Te Aurere Voyaging - max 71 characters - articles NZHerald

By: Te Aurere  05-Apr-2012

4:00AM Tuesday Dec 02, 2008
By Yvonne Tahana

Hec Busby says when young people sail on the waka they appear to gain an insight into the greatness of their ancestors. Photo / Brett Phibbs

Te Aurere may be the first double-hulled waka Hec Busby ever built, but after 16 years the boat still knows how to give him a few thrills, he reckons.

Mr Busby, 76, is circumnavigating the North Island in the waka to train the next generation of sailors, who will learn traditional sailing techniques such as navigating by the stars.

After a weekend pitstop at the Manukau Harbour a group of 10 left on the outgoing tide yesterday afternoon for the next leg of their journey. The crew started at Mangonui Harbour in the Far North last week, before picking up more members at Hokianga Harbour.

It was there where the 17 metre kauri vessel, which is lashed together using only traditional methods, gave the first sign she still liked the rough stuff, Mr Busby said.

"The bar decided to look white. There was hardly any swell all the way down but as soon as we hit Hokianga we see the white right across the bar. It was a thrill, the total opposite to what we've found there before."

The entrance into the Manukau Harbour was less eventful but still had its moments - huge numbers of dolphins followed the voyagers before they landed.

"I think they had bailed up a school of fish and they were just getting into them."

Mr Busby's contribution to reviving Maori ocean-going traditions, after they were nearly lost, can't be underestimated. He's sailed Te Aurere to Rarotonga, Hawaii, Tahiti, the Marquesas, New Caledonia and Norfolk Island, clocking up more than 40,000km since 1992.

On this trip he hopes to dock in Wellington by mid-December, have a break and then bring Te Aurere back north for February 6 at Waitangi.

Along the way he plans to stop in at different marae for teaching wananga (sessions).

But sharing what he'd learned over the years wasn't only about passing on knowledge, it was also about keeping young Maori on the "straight and narrow", he said.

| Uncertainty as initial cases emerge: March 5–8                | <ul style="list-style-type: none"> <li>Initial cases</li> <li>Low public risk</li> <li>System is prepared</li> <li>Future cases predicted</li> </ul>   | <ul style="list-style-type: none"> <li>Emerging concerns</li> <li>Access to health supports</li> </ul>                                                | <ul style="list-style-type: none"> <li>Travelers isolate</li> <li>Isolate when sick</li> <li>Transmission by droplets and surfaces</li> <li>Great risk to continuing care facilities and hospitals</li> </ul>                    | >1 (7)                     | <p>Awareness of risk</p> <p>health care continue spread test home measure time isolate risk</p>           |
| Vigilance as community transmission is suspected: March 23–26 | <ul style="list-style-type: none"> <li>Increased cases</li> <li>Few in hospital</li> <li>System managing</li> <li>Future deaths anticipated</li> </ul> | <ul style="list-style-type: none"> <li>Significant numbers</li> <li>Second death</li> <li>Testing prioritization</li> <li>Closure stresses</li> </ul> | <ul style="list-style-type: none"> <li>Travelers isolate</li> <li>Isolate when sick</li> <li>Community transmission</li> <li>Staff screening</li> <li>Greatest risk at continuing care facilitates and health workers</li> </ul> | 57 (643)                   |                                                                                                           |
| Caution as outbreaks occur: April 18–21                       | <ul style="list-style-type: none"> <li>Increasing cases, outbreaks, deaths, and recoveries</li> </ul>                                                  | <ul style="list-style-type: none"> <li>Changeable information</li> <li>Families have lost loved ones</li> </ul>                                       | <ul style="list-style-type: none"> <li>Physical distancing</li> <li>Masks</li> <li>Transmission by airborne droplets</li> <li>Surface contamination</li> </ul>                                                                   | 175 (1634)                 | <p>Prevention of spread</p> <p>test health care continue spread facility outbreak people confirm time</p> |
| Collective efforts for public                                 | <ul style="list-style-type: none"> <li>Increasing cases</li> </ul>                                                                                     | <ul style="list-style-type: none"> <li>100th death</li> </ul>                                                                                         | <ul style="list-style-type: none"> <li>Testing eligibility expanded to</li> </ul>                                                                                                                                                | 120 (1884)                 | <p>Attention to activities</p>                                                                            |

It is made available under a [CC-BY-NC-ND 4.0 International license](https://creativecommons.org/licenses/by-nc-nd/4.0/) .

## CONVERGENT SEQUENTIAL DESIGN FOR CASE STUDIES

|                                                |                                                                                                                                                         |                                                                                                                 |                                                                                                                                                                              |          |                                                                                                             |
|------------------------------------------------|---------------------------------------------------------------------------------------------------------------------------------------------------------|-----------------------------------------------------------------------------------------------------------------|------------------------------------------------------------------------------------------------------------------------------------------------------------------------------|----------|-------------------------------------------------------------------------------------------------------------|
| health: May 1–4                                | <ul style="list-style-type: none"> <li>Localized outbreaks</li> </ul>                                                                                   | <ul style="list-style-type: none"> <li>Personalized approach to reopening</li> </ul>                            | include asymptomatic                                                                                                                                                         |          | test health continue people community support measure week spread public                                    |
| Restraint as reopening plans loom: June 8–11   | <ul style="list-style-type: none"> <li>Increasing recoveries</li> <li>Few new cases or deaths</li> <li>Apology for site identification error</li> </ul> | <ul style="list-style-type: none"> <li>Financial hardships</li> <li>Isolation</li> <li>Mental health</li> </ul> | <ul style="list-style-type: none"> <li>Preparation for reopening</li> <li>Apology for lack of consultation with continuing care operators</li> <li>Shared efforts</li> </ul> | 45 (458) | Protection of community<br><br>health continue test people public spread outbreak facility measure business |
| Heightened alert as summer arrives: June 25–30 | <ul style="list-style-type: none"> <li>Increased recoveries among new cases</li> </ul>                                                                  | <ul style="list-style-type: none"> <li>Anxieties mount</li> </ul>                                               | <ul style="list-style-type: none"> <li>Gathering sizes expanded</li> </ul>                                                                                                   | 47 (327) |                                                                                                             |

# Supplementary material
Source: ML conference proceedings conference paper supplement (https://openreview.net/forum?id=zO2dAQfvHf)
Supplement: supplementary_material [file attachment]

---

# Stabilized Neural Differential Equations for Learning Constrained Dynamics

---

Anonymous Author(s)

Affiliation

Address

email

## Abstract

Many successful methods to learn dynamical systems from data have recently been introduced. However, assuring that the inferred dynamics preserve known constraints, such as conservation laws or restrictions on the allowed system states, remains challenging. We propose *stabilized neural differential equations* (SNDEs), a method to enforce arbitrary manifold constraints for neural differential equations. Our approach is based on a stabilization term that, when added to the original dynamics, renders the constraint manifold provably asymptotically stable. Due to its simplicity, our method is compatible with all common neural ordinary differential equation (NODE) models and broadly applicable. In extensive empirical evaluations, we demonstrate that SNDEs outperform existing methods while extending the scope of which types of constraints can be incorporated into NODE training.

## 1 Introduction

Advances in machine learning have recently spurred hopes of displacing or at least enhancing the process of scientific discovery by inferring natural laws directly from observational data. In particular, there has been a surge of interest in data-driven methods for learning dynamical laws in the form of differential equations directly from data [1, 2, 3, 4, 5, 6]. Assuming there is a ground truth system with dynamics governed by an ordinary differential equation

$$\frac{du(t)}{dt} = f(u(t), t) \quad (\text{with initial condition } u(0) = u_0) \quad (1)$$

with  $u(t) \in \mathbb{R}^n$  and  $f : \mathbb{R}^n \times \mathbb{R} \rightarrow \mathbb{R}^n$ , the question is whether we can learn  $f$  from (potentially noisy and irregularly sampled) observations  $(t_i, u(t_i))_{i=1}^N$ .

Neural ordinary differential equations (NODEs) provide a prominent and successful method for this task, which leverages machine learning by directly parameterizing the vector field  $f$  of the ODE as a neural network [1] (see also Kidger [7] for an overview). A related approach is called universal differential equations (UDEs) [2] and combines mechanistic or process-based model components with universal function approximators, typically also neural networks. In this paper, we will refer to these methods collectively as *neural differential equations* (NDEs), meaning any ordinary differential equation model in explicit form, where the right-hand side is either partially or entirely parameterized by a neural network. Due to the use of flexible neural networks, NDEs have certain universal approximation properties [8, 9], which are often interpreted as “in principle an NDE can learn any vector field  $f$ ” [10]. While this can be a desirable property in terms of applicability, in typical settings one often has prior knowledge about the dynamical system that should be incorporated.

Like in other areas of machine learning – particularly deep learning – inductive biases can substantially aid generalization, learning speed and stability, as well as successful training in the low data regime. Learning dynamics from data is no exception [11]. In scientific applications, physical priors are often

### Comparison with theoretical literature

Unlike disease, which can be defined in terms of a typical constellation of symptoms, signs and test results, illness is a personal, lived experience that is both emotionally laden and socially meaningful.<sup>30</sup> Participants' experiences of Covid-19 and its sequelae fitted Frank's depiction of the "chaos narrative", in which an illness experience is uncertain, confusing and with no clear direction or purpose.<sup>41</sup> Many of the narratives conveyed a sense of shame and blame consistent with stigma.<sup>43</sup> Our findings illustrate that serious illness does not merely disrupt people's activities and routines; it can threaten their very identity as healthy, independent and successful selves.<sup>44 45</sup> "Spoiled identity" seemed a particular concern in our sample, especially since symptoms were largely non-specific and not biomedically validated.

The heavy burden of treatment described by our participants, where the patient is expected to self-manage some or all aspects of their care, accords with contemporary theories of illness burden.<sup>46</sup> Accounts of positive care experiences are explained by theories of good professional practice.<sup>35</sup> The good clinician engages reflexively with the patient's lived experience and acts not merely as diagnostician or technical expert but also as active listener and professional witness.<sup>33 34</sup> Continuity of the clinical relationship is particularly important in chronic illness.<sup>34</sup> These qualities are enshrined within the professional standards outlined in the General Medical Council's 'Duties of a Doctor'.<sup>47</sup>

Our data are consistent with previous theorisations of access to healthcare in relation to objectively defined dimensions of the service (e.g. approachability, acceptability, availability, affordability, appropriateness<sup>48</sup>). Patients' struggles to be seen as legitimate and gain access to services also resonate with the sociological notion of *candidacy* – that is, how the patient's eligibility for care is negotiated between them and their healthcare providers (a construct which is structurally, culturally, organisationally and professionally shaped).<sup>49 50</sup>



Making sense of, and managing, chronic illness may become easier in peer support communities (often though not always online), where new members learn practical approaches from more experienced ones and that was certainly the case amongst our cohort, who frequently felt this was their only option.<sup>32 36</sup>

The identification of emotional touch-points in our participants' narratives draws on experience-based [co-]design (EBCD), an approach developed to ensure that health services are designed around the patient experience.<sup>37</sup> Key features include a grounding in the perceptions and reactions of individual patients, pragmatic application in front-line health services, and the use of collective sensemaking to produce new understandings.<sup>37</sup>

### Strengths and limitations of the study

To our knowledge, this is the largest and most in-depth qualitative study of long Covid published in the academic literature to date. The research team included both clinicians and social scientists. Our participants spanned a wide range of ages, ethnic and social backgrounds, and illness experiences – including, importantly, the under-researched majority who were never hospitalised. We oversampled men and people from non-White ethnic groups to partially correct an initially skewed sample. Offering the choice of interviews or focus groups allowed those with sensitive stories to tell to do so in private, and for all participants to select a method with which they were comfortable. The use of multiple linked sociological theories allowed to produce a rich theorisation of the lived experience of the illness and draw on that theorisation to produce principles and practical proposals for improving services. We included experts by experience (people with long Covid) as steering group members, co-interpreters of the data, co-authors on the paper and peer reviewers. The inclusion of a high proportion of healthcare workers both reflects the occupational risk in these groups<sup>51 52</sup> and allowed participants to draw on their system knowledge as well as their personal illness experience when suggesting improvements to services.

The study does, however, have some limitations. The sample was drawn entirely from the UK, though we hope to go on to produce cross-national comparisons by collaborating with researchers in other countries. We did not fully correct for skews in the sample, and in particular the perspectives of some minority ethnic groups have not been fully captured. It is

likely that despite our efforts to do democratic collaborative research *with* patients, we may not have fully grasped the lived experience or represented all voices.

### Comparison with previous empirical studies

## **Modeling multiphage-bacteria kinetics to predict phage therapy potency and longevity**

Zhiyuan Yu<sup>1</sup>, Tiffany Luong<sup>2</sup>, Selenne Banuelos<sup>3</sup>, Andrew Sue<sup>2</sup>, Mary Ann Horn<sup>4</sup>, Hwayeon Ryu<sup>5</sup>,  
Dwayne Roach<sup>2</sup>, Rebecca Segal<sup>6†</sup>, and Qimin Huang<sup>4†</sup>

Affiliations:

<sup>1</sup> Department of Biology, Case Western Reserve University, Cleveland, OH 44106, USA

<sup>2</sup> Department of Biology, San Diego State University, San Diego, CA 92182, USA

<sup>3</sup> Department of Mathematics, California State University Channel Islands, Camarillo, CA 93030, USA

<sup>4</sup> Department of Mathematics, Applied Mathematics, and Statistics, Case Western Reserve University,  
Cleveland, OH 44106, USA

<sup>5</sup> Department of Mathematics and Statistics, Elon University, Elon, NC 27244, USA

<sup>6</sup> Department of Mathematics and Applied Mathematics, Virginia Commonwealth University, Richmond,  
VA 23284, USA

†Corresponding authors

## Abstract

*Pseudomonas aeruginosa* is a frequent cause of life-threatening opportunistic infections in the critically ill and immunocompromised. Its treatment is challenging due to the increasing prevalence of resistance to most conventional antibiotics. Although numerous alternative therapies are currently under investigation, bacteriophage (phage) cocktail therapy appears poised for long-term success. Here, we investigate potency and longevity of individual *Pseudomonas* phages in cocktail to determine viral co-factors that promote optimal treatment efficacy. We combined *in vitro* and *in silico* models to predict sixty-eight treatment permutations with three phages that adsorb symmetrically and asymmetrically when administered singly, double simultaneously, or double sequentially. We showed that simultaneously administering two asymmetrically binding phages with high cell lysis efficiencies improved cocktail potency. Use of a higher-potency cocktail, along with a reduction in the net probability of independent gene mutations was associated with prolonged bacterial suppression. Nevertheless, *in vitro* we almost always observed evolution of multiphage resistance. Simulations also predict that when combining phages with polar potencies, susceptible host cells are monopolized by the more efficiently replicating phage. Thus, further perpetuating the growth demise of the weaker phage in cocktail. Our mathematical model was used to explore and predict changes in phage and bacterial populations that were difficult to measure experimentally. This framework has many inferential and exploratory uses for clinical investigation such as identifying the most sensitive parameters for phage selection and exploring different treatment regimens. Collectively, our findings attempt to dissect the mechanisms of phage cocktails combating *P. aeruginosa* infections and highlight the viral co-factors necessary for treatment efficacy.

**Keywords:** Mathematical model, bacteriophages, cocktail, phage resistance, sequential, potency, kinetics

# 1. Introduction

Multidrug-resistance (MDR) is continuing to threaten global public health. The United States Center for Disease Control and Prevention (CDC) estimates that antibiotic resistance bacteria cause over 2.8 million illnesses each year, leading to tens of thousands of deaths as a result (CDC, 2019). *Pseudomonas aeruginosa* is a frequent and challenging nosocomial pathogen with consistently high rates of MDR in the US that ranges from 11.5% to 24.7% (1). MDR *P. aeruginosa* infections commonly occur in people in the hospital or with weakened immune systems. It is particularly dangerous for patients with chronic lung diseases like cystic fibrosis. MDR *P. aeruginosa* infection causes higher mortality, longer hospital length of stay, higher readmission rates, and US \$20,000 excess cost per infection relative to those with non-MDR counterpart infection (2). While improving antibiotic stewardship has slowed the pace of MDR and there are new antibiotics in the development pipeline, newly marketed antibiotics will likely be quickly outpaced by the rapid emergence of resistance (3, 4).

"There's something quite amazing to me about young people. When they hop on the waka it seems a little square is cut out and they're looking out on to the world of how brilliant our ancestors were.

"That's the reason I'm doing what I'm doing - to make sure the art is not lost."

Other news and updates from Te Aurere


Te Aurere Voyaging - Articles

This page shows Te Tai Tokerau Tarai waka featuring in the media, see the top of the page for Newspaper/written articles and the bottom for TV clips. Hekenukumai, Jacko, Piripi Evans and Tua Pittman attend the Pao ceremoney in Satawal, Micronesia where Mau Piailug is from.


Te Aurere Voyaging - max 71 characters - articles Dominion

The crew head to the local marae to talk about their travels and take one or two people along for the next leg of the journey. Hekenukumai Puhipi, known to many as Hector Busby, has travelled with Te Aurere since he helped build it in the early 1990s. Tales of over-friendly orcas and a broken paddle arrived with the waka Te Aurere, which has berthed in Titahi Bay.


Te Aurere Voyaging - max 71 characters - articles TDN

Mr Busby built Te Aurere in 1991, inspired by the 1985 visit to New Zealand of the waka hourua Hokule'a as part of its "Voyage of Rediscovery", promoting traditional Polynesian sailing methods, and the visit of Tahitian waka hourua, Hawaikinui.


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When the voyage resumes in January, Stanley Conrad will take command as Te Aurere calls in to Wellington, Napier, Gisborne, Waihau Bay on the East Coast and Tauranga before arriving at Waitangi for the commemoration of the 169th anniversary of the signing of the Treaty of Waitangi on February 6.